Growing Number of New Jersey Municipalities Require Paid Sick Leave

Beginning this month, East Orange, Irvington, Passaic and Paterson will join Newark and Jersey City in requiring employers to provide their workforce with paid sick leave. Montclair and Trenton will begin requiring covered employers to provide paid sick leave in March. The ordinances governing sick pay in these municipalities largely mirror Newark’s law that went into effect last year.

The ordinances governing sick leave are nearly identical. Eligible employees include those who work for at least 80 hours per year for an employer of 10 or more employees. Covered employers are required to provide employees with 40 hours of paid sick leave each calendar year. If an employer has fewer than 10 employees, it is required to provide 24 hours of paid sick time each calendar year. Employers of child care, home health care and food service workers, however, are required to provide 40 hours of paid sick leave even if such employers have less than 10 employees. Government employees, employees of New Jersey schools and members of construction unions are not covered by the various ordinances.

a mother and sick child in bed. flu. childhood diseases.In determining the number of employees for coverage, full time, part-time and temporary employees must be counted. Paid sick time is accrued one hour of sick time for every 30 hours actually worked, and employees can begin to use the paid sick time once they reach 90 days of employment. Unused paid sick leave that is not otherwise paid out to employees can be carried over to the following calendar year, but employees may only use 40 hours of paid sick time per year. Also, employees are not entitled to reimbursement of unused paid sick time upon the termination of employment.

Paid sick time can be used for an employee for his or her own or the employee’s care of family members involving:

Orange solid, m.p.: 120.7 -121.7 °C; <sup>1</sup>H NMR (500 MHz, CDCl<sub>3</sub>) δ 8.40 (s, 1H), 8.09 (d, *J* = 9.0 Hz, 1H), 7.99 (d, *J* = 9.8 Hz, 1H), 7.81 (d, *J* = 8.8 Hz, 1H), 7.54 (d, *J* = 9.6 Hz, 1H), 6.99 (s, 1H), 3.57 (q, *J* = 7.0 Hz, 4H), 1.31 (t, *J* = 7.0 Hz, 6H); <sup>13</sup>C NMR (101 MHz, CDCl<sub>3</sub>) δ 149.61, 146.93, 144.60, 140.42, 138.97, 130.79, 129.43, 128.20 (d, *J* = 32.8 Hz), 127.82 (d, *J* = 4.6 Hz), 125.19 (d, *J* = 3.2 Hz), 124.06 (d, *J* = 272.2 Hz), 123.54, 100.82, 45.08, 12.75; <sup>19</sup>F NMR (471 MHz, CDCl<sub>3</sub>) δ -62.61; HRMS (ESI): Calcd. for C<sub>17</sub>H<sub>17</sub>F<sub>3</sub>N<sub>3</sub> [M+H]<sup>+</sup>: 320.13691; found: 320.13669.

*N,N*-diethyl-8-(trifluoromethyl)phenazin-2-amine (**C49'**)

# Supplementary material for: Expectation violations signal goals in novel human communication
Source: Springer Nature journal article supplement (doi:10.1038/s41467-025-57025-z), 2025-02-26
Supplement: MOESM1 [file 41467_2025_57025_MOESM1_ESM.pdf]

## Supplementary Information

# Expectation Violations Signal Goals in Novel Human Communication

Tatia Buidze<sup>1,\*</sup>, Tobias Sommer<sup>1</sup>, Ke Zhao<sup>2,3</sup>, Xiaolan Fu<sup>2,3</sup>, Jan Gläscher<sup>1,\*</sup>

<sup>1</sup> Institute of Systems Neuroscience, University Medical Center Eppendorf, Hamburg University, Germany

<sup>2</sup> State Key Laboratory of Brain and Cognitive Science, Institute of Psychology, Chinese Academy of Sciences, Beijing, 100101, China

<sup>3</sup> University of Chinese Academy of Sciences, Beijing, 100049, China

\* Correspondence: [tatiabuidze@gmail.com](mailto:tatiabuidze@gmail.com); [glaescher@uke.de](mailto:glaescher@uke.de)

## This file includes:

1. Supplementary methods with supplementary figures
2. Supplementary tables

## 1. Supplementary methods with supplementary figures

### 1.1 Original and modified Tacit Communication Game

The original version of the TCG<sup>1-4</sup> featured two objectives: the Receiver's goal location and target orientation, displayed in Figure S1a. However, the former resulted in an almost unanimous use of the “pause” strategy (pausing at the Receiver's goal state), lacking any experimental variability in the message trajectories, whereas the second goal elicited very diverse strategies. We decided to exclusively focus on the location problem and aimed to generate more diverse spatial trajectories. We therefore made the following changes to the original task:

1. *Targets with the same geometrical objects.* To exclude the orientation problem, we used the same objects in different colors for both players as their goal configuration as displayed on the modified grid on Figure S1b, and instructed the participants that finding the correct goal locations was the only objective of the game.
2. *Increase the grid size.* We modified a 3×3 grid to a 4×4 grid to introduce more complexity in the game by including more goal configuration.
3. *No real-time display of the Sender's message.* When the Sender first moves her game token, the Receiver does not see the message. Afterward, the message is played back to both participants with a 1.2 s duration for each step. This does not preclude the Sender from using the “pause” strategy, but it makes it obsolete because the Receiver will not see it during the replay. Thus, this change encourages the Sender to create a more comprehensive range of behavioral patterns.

• Mental or physical illness, injury or health condition;
  • Medical diagnosis, care or treatment; or
  • Preventative care.

The following are included in the definition of a family member: children, parents, civil union partners, grandparents (or spouses, civil union partners or domestic partners of grandparents), spouses, domestic partners, grandchildren and siblings.

Paid sick time also can be used if the employers’ place of business is closed due to a public health emergency, or if an employee needs to care for a child whose school or day care is closed because of a public health emergency.

Employers may not interfere with or retaliate against employees for the exercise of their right to take paid sick leave. Additionally, employers can be fined for failures to comply with the paid sick leave ordinance.

There also is a notice requirement for employers. Employers are required to provide all employees and new employees upon hire with written notice of the paid sick leave policy, and are to display a poster outlining the paid sick leave policy as well. Also, the sick leave policy must be in English and any other primary language spoken by at least 10% of the employer’s workforce. The municipalities have not yet issued such notices and posters. As a result, in the meantime employers will need to draft a notice and poster to distribute to their employees.

In preparing such notices, employers will have to include the following information:

  • The employee’s right to paid sick time;
  • The accrual and the amount of paid sick time available to employees;
  • The terms of use under the paid sick leave ordinances;
  • The employee’s right to be free from retaliation; and
  • The employee’s right to file a complaint if sick leave is denied or if the employee is retaliated against.

As a result of these ordinances, employees who may not otherwise have been eligible for paid time off will now have some time available to address their own and their family member’s medical issues.